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The Wind Through the Trees at Night

by William Wright Jr.

Rating: ****

The Wind Through the Trees at Night is a beautifully subtle and thoughtful little collection of poems that are well-crafted, emotionally intimate, and delicately considered.

All are short, both in form and sentence, and do not immediately follow any prescribed rhyming scheme. However, recurring motifs, repetition, eye-rhymes and gentle alliteration all presented in lean, elegant writing ensure that the verses are incredibly readable and accessible.

The majority of the poetry has roots (pardon the pun) and imagery in the natural world with its savage, unpredictable, yet comforting power. The cyclical order of nature provides structure; day will always follow night regardless of where we are, who we are, or what we are feeling. These poems fully embrace that fact and use it to excellent effect in their general construction.

Notwithstanding this literal, organic framework, as with all good poetry, the verses and their content can equally be taken as completely metaphorical, and representative of a reader’s emotional revolution reflecting back nature’s constantly evolving state, which is ever-changeable but curiously within the same parameters.

Storms, their anger and aftermath feature heavily and another prevalent theme is the dawn and its capacity to be both a new beginning and, contrastingly, an exhausting continuation of nightmarish condemnation. Not unsurprisingly given the title, a number of the poems also reference the dark influence of the night; its fearful loneliness that can feed and magnify the very worst of human vulnerability, but by comparison, its quiet ability to heal and rest the mind.

A thread of hopelessness runs through a number of the verses but Wright Jr., seems comfortable to acknowledge, explore, and accept (for the time being) this despondency. Just as the introspection threatens to overshadow or overwhelm, a glimmer of hope, albeit faint is introduced.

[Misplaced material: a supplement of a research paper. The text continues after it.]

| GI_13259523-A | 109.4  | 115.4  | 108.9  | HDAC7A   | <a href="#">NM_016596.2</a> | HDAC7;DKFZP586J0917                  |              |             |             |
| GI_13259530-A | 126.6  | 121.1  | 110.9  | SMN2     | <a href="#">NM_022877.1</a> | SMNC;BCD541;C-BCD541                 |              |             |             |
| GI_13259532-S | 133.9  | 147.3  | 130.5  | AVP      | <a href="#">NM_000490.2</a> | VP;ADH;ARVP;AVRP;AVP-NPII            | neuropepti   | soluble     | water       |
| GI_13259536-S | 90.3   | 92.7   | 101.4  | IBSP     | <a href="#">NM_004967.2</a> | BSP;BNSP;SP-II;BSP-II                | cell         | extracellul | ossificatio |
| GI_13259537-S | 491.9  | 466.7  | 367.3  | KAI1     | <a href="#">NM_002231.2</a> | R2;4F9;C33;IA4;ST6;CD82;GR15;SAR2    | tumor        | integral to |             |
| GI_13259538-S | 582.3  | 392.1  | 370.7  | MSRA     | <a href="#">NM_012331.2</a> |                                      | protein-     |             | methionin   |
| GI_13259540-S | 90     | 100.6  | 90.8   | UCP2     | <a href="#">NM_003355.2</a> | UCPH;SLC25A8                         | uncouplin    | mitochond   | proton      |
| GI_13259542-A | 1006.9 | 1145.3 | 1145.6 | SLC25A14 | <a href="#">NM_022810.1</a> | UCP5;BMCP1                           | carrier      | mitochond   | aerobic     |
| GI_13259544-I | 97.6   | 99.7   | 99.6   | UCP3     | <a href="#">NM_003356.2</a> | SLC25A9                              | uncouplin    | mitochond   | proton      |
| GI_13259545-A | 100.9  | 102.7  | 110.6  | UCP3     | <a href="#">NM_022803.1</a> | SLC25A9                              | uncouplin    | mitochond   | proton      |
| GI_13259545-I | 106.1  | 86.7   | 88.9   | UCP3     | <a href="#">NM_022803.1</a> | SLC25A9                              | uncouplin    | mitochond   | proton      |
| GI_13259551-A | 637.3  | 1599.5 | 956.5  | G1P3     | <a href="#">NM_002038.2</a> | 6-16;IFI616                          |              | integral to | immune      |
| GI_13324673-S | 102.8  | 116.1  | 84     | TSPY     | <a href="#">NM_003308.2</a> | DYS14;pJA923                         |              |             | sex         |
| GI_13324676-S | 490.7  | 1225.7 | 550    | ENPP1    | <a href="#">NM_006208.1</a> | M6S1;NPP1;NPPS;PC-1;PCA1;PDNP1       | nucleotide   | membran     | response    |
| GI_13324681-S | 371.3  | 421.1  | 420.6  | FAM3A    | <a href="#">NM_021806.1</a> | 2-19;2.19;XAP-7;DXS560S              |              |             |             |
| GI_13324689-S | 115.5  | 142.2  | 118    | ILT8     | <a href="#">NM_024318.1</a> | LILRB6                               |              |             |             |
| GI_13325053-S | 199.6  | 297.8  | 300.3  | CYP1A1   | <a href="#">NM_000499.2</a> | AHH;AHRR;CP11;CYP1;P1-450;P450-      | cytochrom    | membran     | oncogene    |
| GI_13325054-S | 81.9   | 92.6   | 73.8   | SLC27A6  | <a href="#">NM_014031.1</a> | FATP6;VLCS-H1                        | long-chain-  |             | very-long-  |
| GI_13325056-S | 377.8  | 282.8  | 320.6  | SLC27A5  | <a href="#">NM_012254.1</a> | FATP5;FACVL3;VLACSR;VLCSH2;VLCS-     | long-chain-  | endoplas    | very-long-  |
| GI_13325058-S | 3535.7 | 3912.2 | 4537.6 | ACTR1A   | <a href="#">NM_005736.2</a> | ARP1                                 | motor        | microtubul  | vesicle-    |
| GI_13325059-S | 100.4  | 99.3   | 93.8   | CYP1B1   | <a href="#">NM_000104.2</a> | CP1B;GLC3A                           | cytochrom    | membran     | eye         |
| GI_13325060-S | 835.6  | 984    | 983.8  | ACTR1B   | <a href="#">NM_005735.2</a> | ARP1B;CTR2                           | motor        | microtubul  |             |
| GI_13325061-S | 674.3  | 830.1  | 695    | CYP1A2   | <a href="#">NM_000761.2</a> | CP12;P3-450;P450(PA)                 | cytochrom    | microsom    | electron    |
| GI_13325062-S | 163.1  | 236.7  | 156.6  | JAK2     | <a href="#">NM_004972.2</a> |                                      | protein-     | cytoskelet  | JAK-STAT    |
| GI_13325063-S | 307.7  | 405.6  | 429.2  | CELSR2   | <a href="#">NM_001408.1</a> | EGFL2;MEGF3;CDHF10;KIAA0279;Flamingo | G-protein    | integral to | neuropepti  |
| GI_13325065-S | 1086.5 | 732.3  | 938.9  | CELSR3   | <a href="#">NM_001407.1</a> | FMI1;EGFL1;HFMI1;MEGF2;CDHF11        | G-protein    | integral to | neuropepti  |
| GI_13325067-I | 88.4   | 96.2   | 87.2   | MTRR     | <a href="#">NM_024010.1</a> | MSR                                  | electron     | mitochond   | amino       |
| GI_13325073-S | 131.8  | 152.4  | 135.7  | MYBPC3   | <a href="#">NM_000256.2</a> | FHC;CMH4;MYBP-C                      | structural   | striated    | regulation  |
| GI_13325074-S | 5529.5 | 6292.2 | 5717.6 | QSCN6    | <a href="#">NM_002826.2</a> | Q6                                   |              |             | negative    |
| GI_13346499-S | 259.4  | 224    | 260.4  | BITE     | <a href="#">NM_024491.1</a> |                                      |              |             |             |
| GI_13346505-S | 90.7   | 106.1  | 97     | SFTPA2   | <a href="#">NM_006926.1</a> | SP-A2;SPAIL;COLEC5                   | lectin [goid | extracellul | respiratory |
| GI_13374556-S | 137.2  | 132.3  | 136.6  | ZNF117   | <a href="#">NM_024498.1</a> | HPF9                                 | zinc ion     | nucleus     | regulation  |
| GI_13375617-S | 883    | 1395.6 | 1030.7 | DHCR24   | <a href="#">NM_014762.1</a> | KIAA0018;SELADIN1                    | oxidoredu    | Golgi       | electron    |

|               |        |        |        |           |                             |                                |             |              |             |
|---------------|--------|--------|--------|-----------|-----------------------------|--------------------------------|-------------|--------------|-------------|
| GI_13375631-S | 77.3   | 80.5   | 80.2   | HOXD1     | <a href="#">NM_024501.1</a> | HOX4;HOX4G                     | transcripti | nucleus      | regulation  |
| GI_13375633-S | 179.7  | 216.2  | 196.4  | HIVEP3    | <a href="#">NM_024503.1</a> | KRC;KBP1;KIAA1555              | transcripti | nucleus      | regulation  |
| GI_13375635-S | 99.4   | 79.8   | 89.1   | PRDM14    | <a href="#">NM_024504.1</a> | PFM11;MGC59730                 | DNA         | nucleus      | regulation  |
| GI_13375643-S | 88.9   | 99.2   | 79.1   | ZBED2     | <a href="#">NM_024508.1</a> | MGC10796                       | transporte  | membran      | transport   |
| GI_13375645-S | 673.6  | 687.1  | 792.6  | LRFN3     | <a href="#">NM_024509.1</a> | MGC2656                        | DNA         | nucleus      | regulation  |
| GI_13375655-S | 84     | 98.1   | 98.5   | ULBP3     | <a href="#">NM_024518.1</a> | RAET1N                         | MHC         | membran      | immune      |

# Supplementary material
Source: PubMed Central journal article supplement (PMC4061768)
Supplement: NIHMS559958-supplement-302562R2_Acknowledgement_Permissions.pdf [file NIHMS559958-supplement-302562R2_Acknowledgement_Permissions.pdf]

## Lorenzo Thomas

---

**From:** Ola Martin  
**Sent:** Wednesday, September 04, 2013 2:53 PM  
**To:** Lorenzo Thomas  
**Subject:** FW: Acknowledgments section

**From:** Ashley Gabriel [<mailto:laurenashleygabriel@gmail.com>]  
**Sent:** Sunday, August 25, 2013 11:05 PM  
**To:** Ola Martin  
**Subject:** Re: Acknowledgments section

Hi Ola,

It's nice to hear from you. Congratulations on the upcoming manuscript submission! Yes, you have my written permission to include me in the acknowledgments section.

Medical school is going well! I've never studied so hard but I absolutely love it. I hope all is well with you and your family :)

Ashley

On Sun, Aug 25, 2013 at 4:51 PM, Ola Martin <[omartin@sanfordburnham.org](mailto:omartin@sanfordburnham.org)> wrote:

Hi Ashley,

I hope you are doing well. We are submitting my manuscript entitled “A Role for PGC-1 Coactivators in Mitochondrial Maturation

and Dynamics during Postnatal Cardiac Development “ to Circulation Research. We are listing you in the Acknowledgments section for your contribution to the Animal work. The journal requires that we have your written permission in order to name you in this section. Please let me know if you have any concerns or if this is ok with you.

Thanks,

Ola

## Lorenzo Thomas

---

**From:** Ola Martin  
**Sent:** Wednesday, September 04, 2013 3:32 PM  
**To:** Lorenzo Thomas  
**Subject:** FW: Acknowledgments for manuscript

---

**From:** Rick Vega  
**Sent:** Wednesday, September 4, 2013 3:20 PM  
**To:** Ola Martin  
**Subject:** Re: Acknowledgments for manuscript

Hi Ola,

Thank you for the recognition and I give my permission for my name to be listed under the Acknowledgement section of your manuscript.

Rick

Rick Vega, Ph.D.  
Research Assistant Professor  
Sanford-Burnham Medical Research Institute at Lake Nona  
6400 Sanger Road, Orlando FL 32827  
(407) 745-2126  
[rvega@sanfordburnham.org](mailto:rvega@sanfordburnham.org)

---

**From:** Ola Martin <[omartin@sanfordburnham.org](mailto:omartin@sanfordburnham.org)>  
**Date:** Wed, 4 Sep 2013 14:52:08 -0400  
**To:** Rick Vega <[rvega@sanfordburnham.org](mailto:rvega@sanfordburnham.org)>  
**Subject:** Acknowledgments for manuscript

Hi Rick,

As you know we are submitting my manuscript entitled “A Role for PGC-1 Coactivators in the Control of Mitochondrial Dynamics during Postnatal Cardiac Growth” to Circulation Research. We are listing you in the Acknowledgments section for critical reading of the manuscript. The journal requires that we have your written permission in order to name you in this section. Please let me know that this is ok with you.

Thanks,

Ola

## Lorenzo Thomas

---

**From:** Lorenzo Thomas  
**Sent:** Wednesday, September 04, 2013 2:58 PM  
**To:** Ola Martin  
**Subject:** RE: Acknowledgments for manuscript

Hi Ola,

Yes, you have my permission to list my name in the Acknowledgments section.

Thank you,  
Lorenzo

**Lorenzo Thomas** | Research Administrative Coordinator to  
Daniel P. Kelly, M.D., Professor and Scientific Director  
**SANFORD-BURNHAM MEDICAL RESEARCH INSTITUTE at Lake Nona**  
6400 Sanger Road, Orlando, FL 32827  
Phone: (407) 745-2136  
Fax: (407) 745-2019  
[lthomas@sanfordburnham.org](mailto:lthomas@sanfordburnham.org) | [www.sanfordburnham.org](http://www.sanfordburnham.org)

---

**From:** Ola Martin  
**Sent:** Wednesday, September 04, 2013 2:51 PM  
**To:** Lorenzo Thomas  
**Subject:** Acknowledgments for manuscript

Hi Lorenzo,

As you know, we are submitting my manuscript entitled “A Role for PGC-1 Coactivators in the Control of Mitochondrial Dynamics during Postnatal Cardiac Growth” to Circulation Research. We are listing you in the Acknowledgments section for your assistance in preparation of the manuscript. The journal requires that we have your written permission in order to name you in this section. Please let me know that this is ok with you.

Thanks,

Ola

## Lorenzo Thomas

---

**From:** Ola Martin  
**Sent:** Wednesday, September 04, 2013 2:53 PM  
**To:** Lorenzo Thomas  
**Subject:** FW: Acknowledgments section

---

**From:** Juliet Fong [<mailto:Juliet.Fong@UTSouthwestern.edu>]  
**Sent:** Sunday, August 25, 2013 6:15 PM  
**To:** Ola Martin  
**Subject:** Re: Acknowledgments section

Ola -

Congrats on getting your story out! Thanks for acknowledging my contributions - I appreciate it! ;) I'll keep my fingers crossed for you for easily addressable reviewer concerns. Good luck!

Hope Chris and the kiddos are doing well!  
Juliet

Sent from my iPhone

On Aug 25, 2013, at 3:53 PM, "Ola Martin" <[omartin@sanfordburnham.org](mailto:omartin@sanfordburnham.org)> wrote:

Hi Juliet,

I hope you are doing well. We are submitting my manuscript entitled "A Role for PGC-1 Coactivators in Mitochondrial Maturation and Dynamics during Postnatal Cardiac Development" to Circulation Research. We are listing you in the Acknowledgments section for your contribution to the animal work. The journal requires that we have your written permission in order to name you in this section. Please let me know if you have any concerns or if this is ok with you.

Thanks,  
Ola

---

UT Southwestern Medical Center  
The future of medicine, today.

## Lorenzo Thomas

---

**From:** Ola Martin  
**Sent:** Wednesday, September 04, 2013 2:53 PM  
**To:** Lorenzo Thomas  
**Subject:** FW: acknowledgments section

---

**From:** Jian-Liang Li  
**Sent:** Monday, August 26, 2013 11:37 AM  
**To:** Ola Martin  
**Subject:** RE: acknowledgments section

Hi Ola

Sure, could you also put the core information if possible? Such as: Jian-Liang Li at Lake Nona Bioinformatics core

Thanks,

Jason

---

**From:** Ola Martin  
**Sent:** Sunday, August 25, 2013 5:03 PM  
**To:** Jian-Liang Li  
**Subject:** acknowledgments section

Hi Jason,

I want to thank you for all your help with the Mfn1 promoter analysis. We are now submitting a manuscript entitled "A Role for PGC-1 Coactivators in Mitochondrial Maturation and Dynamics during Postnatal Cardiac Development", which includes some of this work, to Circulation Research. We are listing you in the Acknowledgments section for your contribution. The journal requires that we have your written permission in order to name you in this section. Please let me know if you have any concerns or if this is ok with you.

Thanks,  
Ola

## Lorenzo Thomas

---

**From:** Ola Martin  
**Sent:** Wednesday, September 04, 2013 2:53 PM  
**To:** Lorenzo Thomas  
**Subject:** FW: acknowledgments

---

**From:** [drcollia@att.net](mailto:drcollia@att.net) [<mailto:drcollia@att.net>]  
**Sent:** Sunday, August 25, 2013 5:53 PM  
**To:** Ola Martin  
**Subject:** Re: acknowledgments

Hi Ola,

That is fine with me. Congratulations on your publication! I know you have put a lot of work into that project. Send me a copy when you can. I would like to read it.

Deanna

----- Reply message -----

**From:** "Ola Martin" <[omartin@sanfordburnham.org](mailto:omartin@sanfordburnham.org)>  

Wright Jr., has an intrinsic knack for creating verse, and despite some of the content, you feel that he really enjoys the formation of poetry to express and share his feelings to provide succor to the reader without any hint of self-indulgence. Not only do the verses flow quite effortlessly, the sentiments examined are adaptable and familiar. There is a sense of tentativeness and humility in the poems as they unfold to the reader.

Nonetheless, a few required a touch of stronger imagery or forcing emotion, an amplification if you will. It would have been interesting to have read a few poems that raged and ruffled a little more and, which there is no doubt Wright Jr., can produce.

Personally, I loved “Icy Marrow”, it had me at the first line. “Caught in their Gleaming and Merciful Stares” soaked with lingering childhood angst the source of which could have come from any number of areas. As with all the poems in this collection, Wright Jr., has been really attentive to the levels of reader interpretation and personal experience.

Colorless Mornings” was evocative and chill, “Driftwood and Flecks of Gold” – again, is it merely a house teetering on a cliff or the unquiet, cluttered contents of someone’s mind? I also thoroughly enjoyed the three poems that made up “The Invasion”; spare, succinct, and clever.

The Wind Through the Trees at Night is a collection that speaks for, and to the reader through its empathy and approachability. Highly recommended.

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